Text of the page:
VIN WEBER: Well, Norm's point is really critical. We have friends in the region that might be willing to do something, the Arab League, Turkey, but they're uncertain about the United States' response.
GWEN IFILL: The United Nations' response that it took through the United Nations wasn't sufficient?
VIN WEBER: The United Nations is not sufficient and they're not sure what we would do.
Turkey is beside themselves with concern about the refugee problem on their northern border and the Kurds, but they're not certain about our posture or they would probably take more effective action.
NORM COLEMAN: Sometimes, we have to be very honest that the United States at times -- and we have seen it with Iran and we have seen it with Syria -- because of Russia and because of China, sometimes is unprepared to act.
But it doesn't mean that there are those -- there are those in the region who have a real stake in this and who understand it. There are those we could work with. You can't wait. If we can't move the Russians -- and our Russian reset, by the way, is another failure of this administration. It didn't get us very much. We pulled the plug out from our friends in Poland and Czech Republic on missile defense.
The Russian reset has got us very little. It has got us very little in Syria. As a result, the U.N. is somewhat paralyzed, can't act, and there are those who can act and should have acted.
JUDY WOODRUFF: But that calls to mind the comment that Governor Romney made not long ago, Vin Weber, and that was, he called Russia the greatest enemy that the United States has.
VIN WEBER: Well, I have to correct you, Judy. He said the greatest geopolitical foe, and the words matter a great deal.
He was talking about Russia as a diplomatic and political competitor to the United States. The Democrats interpreted that -- misinterpreted it to mean a military threat. He didn't say that. He said a geopolitical foe. And if you look at how Russia has treated us in the United Nations on the Syria issues and many others, there's good reason to believe that they are, indeed, our main political and diplomatic competitor on the world stage.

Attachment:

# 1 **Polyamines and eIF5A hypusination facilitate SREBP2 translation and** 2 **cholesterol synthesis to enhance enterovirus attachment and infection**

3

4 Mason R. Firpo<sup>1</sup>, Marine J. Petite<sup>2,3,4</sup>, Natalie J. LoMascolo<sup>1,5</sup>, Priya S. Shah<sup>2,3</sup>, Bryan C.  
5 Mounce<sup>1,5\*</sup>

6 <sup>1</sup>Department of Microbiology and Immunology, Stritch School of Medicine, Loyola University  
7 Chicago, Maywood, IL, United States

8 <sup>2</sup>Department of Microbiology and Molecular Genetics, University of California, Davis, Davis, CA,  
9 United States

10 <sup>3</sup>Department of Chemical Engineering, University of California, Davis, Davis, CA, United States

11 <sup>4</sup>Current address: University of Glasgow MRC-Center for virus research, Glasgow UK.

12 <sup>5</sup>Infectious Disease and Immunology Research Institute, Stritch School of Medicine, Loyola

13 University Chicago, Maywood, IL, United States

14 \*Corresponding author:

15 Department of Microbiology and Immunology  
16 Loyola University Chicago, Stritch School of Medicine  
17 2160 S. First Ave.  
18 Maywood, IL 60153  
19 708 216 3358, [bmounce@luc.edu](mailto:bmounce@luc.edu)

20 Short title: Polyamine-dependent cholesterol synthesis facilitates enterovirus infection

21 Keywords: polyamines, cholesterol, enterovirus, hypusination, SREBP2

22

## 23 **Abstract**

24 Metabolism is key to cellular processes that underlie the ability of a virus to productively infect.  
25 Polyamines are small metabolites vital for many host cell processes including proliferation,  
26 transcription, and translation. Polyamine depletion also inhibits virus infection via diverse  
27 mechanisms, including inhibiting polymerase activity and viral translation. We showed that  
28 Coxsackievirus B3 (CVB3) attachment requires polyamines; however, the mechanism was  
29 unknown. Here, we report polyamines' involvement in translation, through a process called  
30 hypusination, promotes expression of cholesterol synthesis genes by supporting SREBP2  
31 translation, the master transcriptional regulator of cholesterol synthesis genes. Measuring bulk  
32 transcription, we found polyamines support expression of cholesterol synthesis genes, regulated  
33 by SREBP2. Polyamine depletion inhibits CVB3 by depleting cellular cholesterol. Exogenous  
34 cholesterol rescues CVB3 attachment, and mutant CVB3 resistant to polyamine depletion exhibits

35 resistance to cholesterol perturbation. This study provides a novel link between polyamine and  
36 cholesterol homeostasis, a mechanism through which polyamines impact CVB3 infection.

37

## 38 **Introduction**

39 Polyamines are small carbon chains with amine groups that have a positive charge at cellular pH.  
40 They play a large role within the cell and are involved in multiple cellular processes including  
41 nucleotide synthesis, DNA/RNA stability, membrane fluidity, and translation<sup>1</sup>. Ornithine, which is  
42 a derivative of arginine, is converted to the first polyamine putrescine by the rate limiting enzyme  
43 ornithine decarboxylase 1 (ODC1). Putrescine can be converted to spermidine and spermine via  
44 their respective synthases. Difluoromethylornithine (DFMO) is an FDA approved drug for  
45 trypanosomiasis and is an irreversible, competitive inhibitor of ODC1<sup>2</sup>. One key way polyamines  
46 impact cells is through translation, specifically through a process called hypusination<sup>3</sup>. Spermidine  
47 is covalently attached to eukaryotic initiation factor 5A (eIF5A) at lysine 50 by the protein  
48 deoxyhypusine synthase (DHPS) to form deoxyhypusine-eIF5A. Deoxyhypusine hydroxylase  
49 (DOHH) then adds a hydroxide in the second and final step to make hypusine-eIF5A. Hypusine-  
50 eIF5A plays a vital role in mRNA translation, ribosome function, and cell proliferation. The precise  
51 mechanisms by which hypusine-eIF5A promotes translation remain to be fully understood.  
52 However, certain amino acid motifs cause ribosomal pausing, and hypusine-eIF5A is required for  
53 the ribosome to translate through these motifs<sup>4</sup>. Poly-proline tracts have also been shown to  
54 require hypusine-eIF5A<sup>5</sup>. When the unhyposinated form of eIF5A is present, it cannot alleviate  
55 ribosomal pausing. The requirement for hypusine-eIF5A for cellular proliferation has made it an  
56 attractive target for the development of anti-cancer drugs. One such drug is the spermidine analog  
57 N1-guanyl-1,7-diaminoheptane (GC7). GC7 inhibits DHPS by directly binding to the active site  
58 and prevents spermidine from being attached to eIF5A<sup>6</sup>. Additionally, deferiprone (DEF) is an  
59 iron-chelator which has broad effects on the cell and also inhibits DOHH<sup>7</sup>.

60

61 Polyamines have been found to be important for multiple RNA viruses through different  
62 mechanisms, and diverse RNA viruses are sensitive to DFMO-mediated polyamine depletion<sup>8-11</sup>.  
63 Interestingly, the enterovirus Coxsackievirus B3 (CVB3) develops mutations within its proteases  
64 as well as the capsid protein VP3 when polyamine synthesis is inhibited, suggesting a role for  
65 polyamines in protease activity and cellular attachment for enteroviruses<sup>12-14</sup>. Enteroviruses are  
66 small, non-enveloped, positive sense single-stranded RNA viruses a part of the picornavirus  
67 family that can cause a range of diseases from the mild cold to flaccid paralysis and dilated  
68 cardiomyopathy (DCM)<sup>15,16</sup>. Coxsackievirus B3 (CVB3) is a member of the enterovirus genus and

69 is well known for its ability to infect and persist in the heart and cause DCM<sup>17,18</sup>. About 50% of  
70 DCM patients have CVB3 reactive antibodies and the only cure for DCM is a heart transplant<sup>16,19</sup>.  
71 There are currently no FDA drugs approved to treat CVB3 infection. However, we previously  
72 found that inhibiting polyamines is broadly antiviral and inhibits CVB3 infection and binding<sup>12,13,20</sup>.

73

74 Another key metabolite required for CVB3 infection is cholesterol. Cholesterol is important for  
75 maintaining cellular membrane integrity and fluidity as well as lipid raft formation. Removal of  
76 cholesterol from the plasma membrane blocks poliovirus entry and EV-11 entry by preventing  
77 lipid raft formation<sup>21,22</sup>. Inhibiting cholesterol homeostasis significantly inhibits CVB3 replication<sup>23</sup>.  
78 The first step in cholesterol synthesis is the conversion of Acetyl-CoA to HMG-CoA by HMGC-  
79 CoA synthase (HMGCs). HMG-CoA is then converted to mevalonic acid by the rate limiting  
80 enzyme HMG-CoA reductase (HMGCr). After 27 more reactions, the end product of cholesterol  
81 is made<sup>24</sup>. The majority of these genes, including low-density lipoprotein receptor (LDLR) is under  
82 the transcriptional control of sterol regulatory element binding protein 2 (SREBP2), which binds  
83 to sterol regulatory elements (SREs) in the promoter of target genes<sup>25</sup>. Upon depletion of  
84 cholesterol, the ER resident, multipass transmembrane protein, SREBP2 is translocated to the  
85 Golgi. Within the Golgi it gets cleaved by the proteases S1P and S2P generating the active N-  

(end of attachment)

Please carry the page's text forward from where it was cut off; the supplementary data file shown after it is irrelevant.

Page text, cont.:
GWEN IFILL: More than China? More than China?
VIN WEBER: I think along on the same league, yes.
JUDY WOODRUFF: Let me just broaden this out though to ask you how tough is it for Governor Romney to make the case against President Obama?
This is the president who led the raid -- or was president and gave the go-ahead for the raid that led to the death of Osama bin Laden. He is the president who pulled the troops finally out of Iraq and has set a deadline for pulling troops out of Afghanistan.
NORM COLEMAN: First, we all applaud the fact that Osama bin Laden is dead and we give credit, by the way, to the president for making a good decision and the men and women on the ground who made that happen.
It's interesting. You could ask the same question on foreign policy as you can ask and we have asked in domestic policy, are we better off today than we were four years ago? Is America's position -- is Iran further away from getting a nuclear weapon than it was four years ago? Is Israel more secure than it was four years ago? Is the Soviet Union a better friend in spite of the reset four years ago?